Members of the class of 2014 know what they want from their future workplace, but do you know how to sell them on your company? Recruiters share five strategies for landing this year's top tech talent.
they did at an internship, how they built their own gaming app, or even a project at school. This will help you gauge whether they're self-sufficient, whether they can problem solve on their own, and if they take the initiative to try something new."
Mondo's Anderson says that if you see a candidate was a strong student, he or she is likely to be a strong employee as well. "Look for candidates that have a track record of achievement -- things they did in school, hobbies, extracurricular activities, and internships."
3. Gauge preparation How prepared was the candidate for the interview? Did she do her homework and read up on company news? Was she curious about the day-to-day of the department or business? All these factors are important in gauging how well candidates understand the company and its products, and are good indicators for whether or not the person is a good fit, Borre says.
"Managers want people who come in with a sophistication and a business savviness, which can't really be taught in school. They should be prepared and have done their research. They know who the leaders are, they understand the business, and they did their due diligence to prepare for the interview."
4. Sell them on the company Because graduates with degrees in computer science and technology have an abundance of choices, it's important for companies to promote strong corporate messaging, says Borre.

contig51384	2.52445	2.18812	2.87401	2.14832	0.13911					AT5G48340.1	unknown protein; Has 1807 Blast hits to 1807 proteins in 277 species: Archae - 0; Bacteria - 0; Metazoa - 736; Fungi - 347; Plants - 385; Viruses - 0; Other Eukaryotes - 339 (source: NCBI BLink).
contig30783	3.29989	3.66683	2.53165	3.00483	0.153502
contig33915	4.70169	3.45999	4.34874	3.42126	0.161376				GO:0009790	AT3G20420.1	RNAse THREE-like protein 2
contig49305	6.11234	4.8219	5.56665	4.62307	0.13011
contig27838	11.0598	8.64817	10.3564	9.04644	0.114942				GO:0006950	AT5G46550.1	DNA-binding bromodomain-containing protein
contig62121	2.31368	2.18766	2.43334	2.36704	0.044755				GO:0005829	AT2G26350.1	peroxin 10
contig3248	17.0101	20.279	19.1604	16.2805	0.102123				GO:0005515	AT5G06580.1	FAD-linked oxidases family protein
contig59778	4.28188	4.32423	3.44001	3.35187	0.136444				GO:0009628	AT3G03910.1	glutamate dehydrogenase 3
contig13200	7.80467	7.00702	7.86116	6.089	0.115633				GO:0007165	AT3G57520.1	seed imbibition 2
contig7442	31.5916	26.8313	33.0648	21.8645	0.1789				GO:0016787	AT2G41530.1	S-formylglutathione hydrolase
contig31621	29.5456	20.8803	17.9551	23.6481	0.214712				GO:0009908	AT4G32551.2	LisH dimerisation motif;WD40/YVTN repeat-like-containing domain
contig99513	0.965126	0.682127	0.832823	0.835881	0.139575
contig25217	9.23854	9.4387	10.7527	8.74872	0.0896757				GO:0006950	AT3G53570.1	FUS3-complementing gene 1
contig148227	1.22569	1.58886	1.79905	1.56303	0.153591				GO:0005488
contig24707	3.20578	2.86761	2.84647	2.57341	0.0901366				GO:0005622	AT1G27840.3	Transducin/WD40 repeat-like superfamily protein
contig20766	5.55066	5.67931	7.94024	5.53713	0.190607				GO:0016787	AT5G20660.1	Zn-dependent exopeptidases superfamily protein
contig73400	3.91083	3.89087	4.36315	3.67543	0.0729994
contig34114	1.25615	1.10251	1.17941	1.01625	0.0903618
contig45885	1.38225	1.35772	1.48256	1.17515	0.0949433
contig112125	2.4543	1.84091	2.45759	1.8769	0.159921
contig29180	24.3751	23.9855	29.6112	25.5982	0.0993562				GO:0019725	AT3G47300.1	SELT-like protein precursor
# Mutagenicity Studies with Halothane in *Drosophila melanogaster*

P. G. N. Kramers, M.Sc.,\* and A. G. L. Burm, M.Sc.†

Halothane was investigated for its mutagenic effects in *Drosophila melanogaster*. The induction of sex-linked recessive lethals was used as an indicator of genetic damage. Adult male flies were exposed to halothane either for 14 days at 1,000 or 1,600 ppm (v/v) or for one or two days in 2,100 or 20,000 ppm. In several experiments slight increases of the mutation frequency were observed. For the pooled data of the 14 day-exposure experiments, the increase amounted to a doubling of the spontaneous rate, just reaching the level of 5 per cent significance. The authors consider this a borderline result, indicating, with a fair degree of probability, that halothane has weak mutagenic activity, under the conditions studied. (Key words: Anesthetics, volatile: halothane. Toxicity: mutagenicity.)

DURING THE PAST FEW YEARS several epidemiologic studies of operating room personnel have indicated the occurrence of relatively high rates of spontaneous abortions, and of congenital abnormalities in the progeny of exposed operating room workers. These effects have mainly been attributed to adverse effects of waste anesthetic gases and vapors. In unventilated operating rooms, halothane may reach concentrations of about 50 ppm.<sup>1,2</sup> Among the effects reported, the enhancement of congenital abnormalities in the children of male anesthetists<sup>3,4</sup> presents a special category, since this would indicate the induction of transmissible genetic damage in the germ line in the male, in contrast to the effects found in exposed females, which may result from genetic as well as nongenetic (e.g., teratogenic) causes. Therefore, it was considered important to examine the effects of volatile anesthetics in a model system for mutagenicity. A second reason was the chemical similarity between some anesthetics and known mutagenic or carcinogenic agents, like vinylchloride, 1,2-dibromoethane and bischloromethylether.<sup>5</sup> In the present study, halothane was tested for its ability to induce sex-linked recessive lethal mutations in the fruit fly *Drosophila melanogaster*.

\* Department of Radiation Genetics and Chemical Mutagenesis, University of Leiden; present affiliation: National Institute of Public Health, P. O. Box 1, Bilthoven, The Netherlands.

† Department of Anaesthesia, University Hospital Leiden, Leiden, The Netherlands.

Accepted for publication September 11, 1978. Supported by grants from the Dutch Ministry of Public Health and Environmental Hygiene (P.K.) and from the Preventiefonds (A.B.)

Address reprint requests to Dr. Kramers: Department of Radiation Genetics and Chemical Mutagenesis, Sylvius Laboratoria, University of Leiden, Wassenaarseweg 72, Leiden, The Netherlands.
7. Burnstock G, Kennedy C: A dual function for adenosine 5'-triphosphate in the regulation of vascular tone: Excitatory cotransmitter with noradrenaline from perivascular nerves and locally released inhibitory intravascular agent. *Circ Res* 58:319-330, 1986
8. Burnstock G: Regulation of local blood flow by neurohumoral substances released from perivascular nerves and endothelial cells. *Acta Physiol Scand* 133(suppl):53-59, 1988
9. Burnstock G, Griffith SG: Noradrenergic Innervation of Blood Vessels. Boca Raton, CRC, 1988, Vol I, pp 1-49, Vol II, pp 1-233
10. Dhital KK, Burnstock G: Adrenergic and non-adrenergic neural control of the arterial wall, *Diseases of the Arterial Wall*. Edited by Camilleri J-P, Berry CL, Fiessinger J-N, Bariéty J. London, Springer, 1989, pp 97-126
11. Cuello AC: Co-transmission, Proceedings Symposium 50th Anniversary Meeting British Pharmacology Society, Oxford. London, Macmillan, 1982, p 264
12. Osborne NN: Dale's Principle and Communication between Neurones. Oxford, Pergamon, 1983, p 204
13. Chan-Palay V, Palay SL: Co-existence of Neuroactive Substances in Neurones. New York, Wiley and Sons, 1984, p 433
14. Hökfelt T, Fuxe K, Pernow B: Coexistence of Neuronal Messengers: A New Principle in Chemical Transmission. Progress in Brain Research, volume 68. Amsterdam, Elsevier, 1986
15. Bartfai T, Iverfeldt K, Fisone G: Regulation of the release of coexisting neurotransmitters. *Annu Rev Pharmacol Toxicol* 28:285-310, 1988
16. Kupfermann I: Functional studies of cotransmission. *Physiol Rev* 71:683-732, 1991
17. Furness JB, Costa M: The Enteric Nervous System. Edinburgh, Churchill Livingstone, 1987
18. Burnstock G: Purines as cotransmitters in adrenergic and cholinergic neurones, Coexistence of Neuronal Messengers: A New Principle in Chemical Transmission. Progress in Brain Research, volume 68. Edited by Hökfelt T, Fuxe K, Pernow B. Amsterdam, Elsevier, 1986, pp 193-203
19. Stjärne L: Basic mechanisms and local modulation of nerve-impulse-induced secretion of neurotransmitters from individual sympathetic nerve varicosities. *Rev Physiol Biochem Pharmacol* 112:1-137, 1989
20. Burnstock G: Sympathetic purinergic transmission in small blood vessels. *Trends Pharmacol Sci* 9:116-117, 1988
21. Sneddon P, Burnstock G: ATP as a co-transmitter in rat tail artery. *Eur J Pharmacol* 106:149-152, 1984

"What's the story? Why should someone want to join your company? Graduates want immediate gratification, and you need to be able to sell them that vision. Have a strong platform and highlight how employees progress -- they all want to know how fast they can move up in a company."
5. Don't neglect certification programs One common mistake hiring managers make is focusing only on four-year schools, says Anderson. "There are a number of aggressive courses with just 50% graduation rates because the program of study is so intense. Some hiring managers may ignore these just because they don't see degrees from top schools, but you shouldn't restrict your talent pool."
The end game should be acquiring the best talent, Borre notes. "Because there's such a tech war for the best, you really should be open to listening to all candidates, not just ones from four-year schools. It's more important to find the creative types and the people who really understand the business, wherever they come from."
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Kristin Burnham currently serves as InformationWeek.com's Senior Editor, covering social media, social business, IT leadership and IT careers. Prior to joining InformationWeek in July 2013, she served in a number of roles at CIO magazine and CIO.com, most recently as senior ... View Full Bio
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